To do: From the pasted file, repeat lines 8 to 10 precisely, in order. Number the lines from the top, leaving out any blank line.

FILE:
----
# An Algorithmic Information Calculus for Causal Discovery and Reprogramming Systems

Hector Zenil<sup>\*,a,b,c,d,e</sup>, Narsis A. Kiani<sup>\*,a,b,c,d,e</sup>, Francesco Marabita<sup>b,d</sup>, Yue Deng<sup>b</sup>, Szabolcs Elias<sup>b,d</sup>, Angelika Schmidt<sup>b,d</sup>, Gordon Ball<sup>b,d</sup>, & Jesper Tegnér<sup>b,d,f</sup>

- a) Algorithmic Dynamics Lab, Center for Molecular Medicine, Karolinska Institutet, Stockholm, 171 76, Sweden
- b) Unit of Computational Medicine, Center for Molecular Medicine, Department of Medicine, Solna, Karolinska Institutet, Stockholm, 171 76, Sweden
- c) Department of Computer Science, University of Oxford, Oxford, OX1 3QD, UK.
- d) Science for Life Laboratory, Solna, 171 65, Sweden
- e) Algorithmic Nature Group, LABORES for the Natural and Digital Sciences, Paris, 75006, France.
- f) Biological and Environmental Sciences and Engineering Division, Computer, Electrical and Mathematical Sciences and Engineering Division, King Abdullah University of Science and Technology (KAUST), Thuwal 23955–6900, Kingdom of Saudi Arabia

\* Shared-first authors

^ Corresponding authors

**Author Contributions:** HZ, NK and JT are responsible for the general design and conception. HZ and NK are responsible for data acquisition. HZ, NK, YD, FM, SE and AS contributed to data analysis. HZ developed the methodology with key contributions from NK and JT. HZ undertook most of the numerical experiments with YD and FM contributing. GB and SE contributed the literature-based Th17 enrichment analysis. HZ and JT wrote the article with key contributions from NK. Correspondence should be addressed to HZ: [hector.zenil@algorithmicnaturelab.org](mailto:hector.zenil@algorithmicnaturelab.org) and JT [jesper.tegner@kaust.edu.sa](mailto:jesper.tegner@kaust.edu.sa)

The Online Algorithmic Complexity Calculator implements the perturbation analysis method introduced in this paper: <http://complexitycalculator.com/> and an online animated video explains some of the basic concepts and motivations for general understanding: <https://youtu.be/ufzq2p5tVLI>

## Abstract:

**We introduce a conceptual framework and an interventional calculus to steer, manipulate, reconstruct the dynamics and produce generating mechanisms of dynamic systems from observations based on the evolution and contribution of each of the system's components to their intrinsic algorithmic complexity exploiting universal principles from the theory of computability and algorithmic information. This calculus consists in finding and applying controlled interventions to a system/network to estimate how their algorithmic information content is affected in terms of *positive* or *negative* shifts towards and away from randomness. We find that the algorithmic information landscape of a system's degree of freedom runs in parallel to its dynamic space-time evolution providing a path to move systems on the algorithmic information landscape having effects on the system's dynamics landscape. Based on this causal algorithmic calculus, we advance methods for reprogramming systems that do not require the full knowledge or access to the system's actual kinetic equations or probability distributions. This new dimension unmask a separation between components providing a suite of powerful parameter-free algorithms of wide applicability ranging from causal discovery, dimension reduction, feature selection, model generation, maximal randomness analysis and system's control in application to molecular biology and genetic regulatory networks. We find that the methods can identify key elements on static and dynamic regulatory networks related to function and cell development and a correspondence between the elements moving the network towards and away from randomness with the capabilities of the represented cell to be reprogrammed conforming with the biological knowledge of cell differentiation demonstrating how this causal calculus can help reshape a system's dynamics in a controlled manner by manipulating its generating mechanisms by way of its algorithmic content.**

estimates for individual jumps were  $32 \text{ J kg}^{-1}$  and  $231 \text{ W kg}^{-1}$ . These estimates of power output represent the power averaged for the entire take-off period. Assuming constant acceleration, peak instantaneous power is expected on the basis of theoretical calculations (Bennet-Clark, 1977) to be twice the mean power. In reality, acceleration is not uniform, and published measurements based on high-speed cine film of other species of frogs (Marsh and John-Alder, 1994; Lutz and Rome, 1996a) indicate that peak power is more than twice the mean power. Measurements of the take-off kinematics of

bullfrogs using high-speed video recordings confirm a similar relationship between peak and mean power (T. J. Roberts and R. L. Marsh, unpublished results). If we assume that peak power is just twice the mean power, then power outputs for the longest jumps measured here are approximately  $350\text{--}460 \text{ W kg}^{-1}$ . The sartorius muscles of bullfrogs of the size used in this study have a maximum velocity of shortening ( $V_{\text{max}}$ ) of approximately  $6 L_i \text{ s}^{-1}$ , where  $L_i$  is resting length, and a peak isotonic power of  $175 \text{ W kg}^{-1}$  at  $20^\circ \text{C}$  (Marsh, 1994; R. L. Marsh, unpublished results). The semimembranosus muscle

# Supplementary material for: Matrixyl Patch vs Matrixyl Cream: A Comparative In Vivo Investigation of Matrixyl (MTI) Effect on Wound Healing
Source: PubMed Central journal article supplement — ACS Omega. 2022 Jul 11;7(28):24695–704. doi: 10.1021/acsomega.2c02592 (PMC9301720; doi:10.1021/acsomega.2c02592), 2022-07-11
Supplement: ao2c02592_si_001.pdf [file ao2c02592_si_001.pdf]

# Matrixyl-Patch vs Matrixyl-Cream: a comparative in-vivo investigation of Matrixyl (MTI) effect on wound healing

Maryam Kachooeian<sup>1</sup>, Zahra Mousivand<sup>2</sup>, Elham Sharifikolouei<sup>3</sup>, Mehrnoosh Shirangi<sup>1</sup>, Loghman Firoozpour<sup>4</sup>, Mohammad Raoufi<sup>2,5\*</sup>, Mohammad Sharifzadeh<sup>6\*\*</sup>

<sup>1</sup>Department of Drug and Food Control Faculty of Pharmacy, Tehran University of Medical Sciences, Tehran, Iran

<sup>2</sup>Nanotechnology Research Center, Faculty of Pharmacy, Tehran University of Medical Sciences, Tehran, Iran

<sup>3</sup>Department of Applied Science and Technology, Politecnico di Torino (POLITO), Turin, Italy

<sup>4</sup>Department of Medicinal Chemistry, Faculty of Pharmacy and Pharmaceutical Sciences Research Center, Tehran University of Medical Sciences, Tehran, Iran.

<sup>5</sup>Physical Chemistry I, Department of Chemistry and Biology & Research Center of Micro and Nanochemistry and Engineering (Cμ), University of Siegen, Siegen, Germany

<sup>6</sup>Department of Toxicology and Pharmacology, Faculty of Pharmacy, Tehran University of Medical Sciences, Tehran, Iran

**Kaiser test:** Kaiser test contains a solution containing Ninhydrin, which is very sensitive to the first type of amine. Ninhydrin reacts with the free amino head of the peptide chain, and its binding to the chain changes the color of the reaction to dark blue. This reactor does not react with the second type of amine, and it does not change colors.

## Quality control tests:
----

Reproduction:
- f) Biological and Environmental Sciences and Engineering Division, Computer, Electrical and Mathematical Sciences and Engineering Division, King Abdullah University of Science and Technology (KAUST), Thuwal 23955–6900, Kingdom of Saudi Arabia

\* Shared-first authors

^ Corresponding authors